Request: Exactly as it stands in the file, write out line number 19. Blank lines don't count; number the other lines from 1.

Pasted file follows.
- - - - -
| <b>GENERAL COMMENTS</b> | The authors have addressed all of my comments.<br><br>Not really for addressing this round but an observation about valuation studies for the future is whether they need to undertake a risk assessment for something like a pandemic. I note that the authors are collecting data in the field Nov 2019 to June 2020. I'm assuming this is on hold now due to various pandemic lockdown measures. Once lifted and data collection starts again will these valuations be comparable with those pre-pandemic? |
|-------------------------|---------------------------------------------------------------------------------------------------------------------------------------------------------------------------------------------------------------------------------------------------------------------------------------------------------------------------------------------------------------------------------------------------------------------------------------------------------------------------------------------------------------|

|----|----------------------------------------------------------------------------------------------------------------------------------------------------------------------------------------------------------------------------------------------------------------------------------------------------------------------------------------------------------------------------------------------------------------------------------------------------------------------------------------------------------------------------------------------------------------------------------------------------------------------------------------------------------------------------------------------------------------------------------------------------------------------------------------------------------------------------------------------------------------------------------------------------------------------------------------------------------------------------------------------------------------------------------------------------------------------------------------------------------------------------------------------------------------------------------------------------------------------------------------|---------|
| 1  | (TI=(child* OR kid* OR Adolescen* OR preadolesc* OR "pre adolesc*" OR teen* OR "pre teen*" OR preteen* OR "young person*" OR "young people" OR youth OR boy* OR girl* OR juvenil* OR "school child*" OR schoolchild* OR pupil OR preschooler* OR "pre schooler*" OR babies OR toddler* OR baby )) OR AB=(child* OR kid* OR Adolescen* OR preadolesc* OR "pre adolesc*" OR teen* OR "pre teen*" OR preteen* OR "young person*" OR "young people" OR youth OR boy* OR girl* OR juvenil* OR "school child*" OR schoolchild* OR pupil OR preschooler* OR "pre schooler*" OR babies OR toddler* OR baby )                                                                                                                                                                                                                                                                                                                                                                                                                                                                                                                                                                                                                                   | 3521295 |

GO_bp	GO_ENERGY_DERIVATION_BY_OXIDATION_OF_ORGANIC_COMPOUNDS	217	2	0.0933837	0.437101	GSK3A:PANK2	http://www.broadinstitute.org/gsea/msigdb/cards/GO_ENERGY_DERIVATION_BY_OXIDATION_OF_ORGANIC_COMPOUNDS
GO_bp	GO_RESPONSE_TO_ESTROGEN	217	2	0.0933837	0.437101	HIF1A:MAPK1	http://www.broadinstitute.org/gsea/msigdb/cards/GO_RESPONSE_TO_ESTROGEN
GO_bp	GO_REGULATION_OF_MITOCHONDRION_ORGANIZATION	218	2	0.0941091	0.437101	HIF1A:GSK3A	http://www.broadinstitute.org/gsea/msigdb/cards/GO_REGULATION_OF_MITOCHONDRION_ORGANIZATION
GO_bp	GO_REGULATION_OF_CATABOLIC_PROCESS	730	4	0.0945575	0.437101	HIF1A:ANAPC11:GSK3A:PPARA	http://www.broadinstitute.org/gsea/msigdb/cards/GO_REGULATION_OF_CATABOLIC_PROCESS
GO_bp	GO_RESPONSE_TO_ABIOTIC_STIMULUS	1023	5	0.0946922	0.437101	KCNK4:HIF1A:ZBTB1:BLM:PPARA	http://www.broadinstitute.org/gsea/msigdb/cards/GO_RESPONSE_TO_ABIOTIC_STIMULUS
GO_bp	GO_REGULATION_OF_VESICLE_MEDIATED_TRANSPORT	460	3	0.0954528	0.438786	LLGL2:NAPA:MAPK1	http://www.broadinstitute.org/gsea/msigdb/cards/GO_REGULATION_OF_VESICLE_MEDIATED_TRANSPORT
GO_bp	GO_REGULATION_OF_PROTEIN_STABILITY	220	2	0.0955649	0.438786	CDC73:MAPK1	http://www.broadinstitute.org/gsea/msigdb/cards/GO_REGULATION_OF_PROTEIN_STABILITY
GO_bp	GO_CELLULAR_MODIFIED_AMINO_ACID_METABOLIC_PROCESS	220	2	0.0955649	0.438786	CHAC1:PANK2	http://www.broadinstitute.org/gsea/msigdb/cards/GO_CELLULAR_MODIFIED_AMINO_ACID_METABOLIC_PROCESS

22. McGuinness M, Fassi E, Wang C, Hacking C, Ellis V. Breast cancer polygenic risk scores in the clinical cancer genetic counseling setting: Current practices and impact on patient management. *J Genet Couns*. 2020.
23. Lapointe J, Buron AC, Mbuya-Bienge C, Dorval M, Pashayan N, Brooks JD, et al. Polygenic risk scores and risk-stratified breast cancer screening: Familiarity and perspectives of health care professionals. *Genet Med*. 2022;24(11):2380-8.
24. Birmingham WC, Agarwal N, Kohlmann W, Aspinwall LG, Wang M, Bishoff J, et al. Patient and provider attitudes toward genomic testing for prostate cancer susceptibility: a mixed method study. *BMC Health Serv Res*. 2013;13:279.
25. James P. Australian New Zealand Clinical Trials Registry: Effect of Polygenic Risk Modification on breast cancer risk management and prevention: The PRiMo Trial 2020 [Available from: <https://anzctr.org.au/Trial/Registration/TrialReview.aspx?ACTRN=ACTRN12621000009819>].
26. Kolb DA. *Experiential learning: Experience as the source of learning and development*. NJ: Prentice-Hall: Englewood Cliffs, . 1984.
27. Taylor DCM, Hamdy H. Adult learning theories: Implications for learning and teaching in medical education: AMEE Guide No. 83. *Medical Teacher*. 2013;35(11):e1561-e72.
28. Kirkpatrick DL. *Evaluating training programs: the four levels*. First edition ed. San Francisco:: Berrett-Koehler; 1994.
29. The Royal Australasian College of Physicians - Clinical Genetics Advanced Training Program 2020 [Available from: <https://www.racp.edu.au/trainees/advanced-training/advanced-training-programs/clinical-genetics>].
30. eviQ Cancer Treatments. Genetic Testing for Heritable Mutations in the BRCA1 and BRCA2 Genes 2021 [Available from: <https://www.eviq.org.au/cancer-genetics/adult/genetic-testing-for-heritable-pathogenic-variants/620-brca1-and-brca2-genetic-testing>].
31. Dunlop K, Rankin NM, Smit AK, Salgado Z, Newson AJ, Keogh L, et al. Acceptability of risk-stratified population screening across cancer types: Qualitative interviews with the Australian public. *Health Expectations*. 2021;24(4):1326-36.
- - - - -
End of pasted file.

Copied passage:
28. Kirkpatrick DL. *Evaluating training programs: the four levels*. First edition ed. San Francisco:: Berrett-Koehler; 1994.